SYRACUSE, N.Y., Aug. 5, 1964 (UPI) President Johnson today denounced North Viet-Namese hostility against U.S. naval vessels as "deliberate, willful, and systematic aggression" which the United States could not permit to go unchallenged.
In a speech prepared for ceremonies dedicating the Samuel I. Newhouse Communications Center at Syracuse University, the chief executive said while the United States offered no threat whatever to any peaceful power, there could be "no peace by aggression and no immunity from reply."
Johnson spoke here shortly after Defense Secretary Robert S. McNamara reported in Washington that 64 U.S. naval air sorties against North Viet-Namese torpedo boat installations had resulted in destruction or damage of 25 North Viet-Namese patrol craft, the destruction of an oil dump and four patrol boat bases with a loss of two U.S. Navy planes and damage to two others.
Johnson called the North Viet-Namese attack on Aug. 2 and yesterday against American destroyers as "deliberate...unprovoked."
"The attacks have been answered," he said, referring to the Seventh Fleet air strikes reported by McNamara.
The President told his audience that no one could be detached about the flareup of hostilities in Southeast Asia.
"Aggression has unmasked its face to the world," he said. "The world remembers - the world must never forget - that aggression unchallenged is aggression unleashed."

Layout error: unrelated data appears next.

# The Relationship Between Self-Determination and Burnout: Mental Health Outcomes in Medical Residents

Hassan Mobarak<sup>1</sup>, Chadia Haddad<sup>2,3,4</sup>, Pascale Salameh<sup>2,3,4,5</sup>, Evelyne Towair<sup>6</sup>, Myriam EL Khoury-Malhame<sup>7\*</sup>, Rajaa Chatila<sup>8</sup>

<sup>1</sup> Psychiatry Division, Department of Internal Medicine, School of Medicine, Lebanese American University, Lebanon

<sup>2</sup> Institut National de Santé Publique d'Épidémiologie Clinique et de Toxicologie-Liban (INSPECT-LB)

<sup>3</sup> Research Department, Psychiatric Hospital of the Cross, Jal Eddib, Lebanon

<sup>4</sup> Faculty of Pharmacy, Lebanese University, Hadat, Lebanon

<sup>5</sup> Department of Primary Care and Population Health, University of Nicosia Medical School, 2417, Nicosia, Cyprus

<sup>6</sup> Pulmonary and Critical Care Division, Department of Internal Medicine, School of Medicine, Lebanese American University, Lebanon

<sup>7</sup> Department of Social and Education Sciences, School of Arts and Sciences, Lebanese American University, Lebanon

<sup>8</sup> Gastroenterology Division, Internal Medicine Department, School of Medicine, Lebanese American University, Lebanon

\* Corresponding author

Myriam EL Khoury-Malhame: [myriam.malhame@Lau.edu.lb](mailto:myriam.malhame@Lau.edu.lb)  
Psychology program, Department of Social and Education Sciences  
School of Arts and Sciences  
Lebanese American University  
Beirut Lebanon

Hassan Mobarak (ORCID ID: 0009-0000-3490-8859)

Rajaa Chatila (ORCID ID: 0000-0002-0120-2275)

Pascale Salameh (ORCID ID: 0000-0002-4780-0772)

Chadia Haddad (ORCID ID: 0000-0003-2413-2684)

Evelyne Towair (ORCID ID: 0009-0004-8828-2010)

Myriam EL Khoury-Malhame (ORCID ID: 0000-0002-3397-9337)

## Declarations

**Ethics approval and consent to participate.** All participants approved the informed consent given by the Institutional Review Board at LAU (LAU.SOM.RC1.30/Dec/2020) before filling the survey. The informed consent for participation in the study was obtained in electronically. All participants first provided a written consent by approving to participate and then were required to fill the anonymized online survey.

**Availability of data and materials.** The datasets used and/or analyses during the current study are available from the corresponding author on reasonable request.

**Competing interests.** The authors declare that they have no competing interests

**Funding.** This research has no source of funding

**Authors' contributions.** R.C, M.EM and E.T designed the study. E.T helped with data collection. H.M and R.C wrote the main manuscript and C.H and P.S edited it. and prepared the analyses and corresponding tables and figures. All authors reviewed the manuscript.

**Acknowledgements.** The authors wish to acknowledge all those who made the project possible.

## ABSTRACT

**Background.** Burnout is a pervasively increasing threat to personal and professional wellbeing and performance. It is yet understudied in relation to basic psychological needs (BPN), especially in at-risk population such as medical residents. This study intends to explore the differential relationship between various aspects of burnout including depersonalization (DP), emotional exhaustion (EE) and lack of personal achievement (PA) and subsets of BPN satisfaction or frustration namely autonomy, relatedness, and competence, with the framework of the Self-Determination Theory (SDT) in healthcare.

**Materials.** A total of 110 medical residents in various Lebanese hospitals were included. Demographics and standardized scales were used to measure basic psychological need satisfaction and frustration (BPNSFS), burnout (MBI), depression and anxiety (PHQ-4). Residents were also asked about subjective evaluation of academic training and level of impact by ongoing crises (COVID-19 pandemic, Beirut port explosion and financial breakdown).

"There can be no doubt about the policy, no doubt about the purpose," he said of the North Viet-Namese actions. "So there can be no doubt about the responsibilities of men and nations devoted to peace."
Last night the grim-faced President told a nation-wide television and radio audience of the second North Viet-Nam torpedo boat attack on two American ships earlier in the day and of America's prompt reply.
"That reply is being given as I speak to you," he said. "Air action is now in execution against gunboats and certain supporting facilities of North Viet-Nam which have been used in these hostile operations."
Johnson said the response "for the present will be limited and fitting" because the United States "still seeks no wider war." But he made it clear that America would not shrink from defending itself and its allies in beleaguered Southeast Asia.
The President won unanimous backing from legislative leaders of both parties in his appeal for a congressional resolution endorsing any necessary action to deter further Communist attacks in Southeast Asia.
Johnson's six-minute statement on the crisis also signaled the beginning of a determined diplomatic campaign - in the United Nations and elsewhere - to impress upon the world the seriousness of what he termed the "repeated acts of violence" against U.S. armed forces.
Speaking to the Communists, the President said, "We Americans know, although others appear to forget, the risk of spreading conflict."